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  • Writer's pictureMark O'Neil

It's Time to Bring Back Critical Thinking

Just when it is needed most, critical thinking has taken a backseat to other responsibilities.


The problem with too much information

For most of the time I was leading healthcare organizations, the issue of critical thinking was not a top priority for most of my peers (including me). We tended to use a broad set of information sources. We trusted them as sources of truth and in the rare instance when we found that we were given wrong information, it was up to that source to earn back our trust.


Times have changed. Yes, the old reliables are still available as good sources, such as Becker’s, ACHE, the Aspen Institute, and HBR. The problem is that competitors, insurers, doctors and many of the other people we rely on are using ever-multiplying and sometimes questionable sources of information.


This is especially true when social media is a key source for people around the world. We have long been encouraged to read broadly and deeply, but now we have an added responsibility to make judgements about the legitimacy of the information we consume and the validity of the source – a responsibility we are often dangerously unaware of.


Because of this phenomenon, we as leaders need to add to our existing toolbox of:

  • Mission

  • Vision

  • Values

  • Strategy

  • Execution

And practice teaching and critical thinking. I have seen many of my mentors practice critical thinking, setting them apart from other leaders and supporting their success.

How to teach critical thinking

In his book, Quiet Leadership, David Rock proposes that the skill of thinking must be taught and the old approach of problem resolution as a starting point is becoming obsolete.


Neuroscience research has shown how our neuro pathways are formed by our experiences, so our approach to problems over time becomes “baked in.” The same is true for those we lead. The process of building new neuro pathways is very difficult; it’s much easier to fall back on what we have previously experienced.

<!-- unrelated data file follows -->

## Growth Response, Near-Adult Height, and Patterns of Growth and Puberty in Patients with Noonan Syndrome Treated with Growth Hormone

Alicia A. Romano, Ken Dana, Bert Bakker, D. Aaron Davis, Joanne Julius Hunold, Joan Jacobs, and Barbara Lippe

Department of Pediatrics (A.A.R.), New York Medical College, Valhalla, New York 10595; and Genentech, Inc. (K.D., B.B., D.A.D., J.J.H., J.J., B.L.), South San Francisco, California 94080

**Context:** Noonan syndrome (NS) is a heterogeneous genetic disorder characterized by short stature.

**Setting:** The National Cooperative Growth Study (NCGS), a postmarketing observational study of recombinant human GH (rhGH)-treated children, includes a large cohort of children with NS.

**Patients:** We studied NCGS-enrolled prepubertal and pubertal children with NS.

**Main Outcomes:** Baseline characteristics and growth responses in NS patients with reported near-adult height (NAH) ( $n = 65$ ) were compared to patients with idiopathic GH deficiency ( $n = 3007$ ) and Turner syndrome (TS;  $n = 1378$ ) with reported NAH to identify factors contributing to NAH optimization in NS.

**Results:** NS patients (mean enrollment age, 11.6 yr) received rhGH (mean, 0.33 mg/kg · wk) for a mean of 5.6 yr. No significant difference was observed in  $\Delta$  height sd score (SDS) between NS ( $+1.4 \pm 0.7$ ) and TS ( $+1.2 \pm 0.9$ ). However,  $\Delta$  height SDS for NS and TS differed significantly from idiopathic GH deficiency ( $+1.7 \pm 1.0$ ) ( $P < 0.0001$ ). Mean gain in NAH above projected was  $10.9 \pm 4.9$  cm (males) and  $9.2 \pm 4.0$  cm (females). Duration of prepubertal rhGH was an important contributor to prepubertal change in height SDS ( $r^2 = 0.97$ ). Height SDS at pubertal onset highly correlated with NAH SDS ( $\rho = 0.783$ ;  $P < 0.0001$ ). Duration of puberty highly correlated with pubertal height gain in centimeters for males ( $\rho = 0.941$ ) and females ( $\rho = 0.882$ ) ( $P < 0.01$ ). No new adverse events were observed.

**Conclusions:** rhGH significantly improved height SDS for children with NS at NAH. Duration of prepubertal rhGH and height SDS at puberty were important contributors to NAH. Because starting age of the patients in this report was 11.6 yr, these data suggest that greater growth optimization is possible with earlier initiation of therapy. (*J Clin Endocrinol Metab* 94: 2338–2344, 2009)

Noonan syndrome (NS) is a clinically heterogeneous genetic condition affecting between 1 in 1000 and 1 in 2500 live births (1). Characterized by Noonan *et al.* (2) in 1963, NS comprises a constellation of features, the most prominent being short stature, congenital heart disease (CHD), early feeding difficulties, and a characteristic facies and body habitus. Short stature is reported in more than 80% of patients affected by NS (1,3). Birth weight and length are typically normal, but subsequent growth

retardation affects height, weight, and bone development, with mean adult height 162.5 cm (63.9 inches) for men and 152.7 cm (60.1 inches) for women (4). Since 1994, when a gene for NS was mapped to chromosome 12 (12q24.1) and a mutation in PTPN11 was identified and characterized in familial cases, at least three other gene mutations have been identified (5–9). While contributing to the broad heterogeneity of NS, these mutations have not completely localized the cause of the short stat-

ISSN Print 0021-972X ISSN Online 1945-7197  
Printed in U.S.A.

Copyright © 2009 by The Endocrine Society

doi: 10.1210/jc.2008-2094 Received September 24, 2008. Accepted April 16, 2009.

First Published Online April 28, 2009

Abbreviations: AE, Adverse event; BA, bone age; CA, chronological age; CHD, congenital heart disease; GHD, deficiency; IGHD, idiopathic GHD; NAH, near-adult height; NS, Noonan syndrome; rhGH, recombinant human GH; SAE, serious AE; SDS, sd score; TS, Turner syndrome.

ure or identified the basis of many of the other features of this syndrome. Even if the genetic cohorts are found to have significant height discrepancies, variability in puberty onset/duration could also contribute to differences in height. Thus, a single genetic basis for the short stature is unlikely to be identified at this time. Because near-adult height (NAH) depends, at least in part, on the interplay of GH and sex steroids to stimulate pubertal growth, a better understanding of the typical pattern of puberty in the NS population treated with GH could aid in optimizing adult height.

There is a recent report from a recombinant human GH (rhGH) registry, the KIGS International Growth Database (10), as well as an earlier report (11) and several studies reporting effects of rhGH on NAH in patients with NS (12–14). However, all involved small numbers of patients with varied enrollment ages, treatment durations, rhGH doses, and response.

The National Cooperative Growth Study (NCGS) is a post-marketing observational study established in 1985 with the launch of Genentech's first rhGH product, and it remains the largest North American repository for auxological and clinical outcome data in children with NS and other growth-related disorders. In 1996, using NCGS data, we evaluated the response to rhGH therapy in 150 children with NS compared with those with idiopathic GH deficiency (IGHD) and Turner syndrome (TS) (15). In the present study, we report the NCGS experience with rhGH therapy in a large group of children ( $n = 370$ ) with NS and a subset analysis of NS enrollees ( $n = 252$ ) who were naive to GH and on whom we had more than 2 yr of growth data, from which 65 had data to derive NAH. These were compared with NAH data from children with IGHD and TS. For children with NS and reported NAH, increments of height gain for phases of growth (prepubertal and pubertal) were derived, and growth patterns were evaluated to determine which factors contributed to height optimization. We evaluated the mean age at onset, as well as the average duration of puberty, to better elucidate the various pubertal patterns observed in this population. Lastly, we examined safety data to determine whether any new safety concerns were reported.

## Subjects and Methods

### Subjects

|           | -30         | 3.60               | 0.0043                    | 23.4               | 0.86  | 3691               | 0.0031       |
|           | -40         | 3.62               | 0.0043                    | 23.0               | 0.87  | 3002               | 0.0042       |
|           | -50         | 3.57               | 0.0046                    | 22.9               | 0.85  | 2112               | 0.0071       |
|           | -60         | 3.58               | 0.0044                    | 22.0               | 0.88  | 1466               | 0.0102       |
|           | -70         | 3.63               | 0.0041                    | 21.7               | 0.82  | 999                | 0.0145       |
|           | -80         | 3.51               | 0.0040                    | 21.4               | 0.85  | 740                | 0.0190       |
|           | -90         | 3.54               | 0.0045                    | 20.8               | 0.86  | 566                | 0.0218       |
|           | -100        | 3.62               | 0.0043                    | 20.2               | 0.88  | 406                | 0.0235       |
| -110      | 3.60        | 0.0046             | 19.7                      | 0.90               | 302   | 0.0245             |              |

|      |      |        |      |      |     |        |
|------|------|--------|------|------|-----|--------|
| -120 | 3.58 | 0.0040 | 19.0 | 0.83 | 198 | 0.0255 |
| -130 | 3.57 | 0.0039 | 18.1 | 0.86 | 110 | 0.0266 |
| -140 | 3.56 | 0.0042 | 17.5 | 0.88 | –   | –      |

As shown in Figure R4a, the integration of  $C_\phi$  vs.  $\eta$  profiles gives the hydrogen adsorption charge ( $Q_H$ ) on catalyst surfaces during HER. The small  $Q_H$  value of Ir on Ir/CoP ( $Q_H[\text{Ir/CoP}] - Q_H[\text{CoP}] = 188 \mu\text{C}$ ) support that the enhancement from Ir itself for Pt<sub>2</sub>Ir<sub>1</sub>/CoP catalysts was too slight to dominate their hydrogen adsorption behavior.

Rock says there are five key steps to helping people use thinking to build new approaches and transform their performance:

  • Let them do all the thinking

  • Focus on solutions

  • Remember to stretch

  • Accentuate the positive

  • Put process before content

This first step is by far the most critical, since completing the other steps without addressing thinking severely limits a leader’s opportunities to transform performance.


In order to help the people we lead grow over time, we must help them think in ways that are new to them. While self-directed learning may not be the right approach for everyone, it is highly effective for those with high potential: people you hired because they can think for themselves and are willing to learn.


A self-directed learning approach depends on the individual’s willingness and ability to participate in a critical thinking process. Depending on that level of ability, a leader can choose one of three mentorship approaches:

  1. Encourage the individual to come up with an answer in conversation. Ask them guiding questions such as: Do you want to talk through this issue with me? Tell me how you have thought about this so far.

  2. Encourage the individual to go find the answer themselves. Ask guiding questions such as: Would you like some time to think further about this? You might benefit from finding some alternative sources of information.

  3. Provide the answer in a way that aligns with the individual’s way of thinking. For this approach, you’ll want to ask for consent before sharing an answer, to ensure they’ve had the chance to find it on their own. For example, you’d ask: I have some information that may be helpful for you; would you like to hear it?

Better thinkers, better leaders

I learned about these approaches through my training to become a Certified Professional Co-Active Coach (CPCC). We learned to:

  • listen at three different levels

  • coach the person, not the problem

  • dance toward the insight

  • ask questions rather than provide immediate answers

  • always ask open-ended questions

  • acknowledge progress and provide positive reinforcement

When a leader is able to not only practice critical thinking themselves, but teach those they lead to do the same, they can achieve major transformations in performance.



A mentor and friend of mine once said that thinking is a real strategic advantage because so few people do it. Be one of the few who do it, because better thinkers make better leaders. Especially now.

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